“Who’s that guy who does all those miserable dark drawings?” asks Jim Kay, showing pictures of his work A Monster Calls. “Ink mixed with the tears of Robert Smith.”
“I could mess up the world’s most successful children’s book!”
Jim is the first to note that his dark and atmospheric work didn’t seem the natural choice for illustrating Harry Potter, but here he is. He got a call from his agent and for the first time in his life as an illustrator, he was given certainty with the seven books. It was joyous, unbelievable, but also terrifying – he remembers panicking, “I could mess up the world’s most successful children’s book!”
The best piece of advice he received about illustration is that if something terrifies you, you should probably do it.
And he did. And he didn’t mess it up. Far from it.
Jim’s illustrations bring Harry Potter to a new life; rich and detailed, the whole book is a work of art in itself that fans dive into with the intensity with which they scrutinised the films and original books, and keep finding more details that you missed with each read. You’d happily frame most of the pages on your wall.
“It’s fantasy, stupid.”
He shows how he built his own models of Hogwarts and the Hogwarts express, creating his own world away from the films with cheap materials that allowed him to light it and move it as he pleased. He talks through his process, the crazy work schedule at times, and even gives sneak peeks at the upcoming illustrated versions of The Chamber of Secrets and The Prisoner of Azkaban. All I can say is you’re in for a treat.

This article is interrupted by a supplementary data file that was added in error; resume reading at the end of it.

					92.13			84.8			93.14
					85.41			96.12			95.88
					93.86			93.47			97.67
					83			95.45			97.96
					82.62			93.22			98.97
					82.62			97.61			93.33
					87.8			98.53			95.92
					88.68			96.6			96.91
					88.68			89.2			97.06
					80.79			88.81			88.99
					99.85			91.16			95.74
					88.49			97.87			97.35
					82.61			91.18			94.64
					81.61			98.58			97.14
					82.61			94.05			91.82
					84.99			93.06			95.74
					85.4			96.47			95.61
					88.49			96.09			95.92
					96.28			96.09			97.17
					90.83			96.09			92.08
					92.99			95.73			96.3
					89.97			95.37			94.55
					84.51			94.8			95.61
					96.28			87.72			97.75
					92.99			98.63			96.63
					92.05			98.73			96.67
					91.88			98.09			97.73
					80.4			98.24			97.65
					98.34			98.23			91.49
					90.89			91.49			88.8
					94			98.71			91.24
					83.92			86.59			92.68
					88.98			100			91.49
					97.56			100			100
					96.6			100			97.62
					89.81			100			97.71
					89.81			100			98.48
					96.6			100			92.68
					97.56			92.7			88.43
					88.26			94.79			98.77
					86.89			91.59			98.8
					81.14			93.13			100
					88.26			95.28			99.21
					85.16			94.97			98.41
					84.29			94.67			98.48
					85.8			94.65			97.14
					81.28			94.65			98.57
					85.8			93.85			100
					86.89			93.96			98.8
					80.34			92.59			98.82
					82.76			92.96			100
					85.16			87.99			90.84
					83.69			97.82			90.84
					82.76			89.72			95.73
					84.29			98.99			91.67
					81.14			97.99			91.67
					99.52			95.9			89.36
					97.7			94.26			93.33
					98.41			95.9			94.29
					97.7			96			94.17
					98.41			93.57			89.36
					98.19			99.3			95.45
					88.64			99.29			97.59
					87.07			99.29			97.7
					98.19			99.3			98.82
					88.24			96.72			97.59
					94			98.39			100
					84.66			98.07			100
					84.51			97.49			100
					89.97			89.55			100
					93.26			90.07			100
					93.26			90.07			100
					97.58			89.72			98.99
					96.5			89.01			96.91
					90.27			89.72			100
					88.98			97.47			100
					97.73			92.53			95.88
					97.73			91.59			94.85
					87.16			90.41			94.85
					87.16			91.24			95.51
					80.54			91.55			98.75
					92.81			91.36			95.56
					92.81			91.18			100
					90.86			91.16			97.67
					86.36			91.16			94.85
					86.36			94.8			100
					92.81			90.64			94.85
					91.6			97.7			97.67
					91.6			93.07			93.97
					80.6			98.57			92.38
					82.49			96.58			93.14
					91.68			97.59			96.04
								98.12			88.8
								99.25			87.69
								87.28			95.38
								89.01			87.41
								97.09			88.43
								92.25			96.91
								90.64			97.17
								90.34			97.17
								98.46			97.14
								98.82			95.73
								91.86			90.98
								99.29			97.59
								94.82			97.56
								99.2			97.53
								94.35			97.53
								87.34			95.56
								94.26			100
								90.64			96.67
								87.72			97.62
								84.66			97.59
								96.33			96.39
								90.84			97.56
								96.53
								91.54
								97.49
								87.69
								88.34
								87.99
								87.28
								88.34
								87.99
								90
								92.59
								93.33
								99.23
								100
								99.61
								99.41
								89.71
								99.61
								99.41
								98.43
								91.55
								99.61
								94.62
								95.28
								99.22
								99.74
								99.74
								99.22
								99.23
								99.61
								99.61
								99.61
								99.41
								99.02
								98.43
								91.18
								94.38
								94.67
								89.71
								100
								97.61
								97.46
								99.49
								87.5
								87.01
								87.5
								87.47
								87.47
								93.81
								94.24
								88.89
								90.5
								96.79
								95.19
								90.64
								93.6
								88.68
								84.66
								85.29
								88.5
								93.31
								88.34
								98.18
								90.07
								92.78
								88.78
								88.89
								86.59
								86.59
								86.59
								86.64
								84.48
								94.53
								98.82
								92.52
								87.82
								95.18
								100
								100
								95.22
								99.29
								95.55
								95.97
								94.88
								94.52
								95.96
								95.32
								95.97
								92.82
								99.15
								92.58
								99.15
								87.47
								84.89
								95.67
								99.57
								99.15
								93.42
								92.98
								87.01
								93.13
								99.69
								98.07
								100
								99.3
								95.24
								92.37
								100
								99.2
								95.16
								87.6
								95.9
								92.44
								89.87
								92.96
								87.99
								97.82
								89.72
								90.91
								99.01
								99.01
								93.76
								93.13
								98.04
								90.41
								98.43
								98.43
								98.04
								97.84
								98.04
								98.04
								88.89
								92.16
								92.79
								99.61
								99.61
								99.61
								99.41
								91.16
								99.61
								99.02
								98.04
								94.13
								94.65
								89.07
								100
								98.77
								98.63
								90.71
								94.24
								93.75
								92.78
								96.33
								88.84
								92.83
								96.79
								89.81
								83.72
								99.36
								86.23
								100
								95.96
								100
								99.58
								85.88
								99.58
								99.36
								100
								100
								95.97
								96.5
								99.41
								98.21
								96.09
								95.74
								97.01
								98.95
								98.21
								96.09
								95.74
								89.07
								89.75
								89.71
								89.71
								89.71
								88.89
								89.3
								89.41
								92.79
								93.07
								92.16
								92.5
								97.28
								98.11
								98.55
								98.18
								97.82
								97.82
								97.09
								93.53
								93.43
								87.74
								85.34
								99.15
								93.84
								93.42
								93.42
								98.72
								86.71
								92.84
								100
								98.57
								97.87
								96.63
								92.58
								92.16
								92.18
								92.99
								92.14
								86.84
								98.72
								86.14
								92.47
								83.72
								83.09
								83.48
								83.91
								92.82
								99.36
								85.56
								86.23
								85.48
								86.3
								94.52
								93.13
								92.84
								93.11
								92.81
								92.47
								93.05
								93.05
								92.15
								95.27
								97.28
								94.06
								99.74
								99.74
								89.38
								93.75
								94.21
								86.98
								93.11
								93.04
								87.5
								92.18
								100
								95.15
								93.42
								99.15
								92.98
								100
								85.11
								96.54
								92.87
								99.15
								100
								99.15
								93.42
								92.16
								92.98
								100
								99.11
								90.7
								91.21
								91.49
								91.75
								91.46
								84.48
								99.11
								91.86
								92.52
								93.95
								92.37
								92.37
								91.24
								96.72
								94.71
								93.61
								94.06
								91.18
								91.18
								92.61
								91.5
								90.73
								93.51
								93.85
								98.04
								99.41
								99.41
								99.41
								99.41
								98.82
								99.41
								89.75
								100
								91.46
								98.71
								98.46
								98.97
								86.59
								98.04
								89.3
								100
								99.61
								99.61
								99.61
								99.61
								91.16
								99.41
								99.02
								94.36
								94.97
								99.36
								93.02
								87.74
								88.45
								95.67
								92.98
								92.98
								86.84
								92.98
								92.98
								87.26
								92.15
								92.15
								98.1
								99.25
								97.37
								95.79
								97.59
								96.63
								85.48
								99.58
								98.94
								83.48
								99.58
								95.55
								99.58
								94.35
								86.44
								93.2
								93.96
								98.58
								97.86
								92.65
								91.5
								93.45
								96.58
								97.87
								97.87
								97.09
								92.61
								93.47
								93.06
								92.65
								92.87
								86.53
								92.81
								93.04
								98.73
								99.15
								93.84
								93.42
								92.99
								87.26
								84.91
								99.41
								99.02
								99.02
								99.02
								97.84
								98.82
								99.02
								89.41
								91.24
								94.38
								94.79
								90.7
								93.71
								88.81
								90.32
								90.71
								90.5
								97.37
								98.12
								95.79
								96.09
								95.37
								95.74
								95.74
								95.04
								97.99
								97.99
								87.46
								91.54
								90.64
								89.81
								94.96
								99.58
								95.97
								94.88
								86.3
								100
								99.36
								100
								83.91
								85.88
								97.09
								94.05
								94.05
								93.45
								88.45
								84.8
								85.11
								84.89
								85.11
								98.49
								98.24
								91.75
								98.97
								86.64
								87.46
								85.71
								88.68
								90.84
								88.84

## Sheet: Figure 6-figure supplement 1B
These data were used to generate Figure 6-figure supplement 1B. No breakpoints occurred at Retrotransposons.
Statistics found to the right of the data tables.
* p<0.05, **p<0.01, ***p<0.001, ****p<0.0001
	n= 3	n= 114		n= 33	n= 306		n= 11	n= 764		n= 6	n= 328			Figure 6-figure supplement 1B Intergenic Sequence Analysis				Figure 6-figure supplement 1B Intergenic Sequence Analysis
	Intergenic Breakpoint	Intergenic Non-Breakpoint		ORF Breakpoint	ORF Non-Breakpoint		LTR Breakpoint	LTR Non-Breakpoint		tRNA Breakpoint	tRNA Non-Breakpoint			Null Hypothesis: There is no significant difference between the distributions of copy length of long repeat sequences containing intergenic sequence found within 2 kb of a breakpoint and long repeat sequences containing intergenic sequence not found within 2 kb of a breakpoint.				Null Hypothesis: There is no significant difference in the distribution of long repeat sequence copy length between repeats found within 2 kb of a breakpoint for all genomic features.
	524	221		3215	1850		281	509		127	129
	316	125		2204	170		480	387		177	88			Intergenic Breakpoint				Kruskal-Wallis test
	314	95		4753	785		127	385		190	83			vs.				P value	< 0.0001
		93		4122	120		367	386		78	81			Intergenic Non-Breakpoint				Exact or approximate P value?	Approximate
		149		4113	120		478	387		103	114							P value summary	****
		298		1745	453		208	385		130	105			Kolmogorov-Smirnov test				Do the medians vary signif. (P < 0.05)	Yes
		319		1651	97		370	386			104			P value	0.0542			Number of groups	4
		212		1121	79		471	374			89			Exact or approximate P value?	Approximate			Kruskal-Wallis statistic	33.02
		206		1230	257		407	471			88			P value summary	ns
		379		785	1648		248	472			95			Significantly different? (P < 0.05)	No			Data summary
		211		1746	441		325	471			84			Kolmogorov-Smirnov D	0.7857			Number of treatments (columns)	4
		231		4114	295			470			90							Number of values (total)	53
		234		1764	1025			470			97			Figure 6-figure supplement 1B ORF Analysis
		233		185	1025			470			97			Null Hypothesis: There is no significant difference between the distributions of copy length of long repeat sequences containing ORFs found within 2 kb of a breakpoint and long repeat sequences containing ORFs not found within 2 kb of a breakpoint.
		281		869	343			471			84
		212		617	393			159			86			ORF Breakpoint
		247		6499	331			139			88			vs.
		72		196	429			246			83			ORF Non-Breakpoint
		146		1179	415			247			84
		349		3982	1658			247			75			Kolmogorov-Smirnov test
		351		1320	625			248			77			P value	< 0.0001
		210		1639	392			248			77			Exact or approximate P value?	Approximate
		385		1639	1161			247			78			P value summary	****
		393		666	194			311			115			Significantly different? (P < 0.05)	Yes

He had to frequently remind himself “It’s fantasy, stupid” because when you stop drawing, you try to make it sensible again. He’d create fantastical illustrations and then apply rational practicalities to it when he stepped back. You’ll never be 100% happy with your work, no illustrator is, so “it’s about making things your own and making them different.” He trawled the original books for character details and then worked within JK Rowling’s parameters; often they were barely described which gave him great freedom.
His approach is fun and interesting; for ghosts he’d paint in the negative and digitally invert them, which resulted in a haunting glow. He’s draw from his own vast influences, whether it’s Diagon Alley being inspired by Mr Benn, or questioning, “How would Leonardo Da Vinci draw the Mandrake?”
It’s hard to cast a book, especially when you’ve never drawn children, but Jim has found individual people that he draws, and as they grow older he redraws them to keep it authentic. His approaches are thorough but his own – the world of Harry Potter is so vivid that any version of it needs to be just as rich and detailed.
But one parting thought, aside from Harry Potter: Jim frequently sees children at primary school who want to be artists and go “I can’t though, because I can’t draw”. Art is a craft that you can teach yourself by working at it, the ideas are what matters. Take your ideas and create your own worlds, the art will catch up.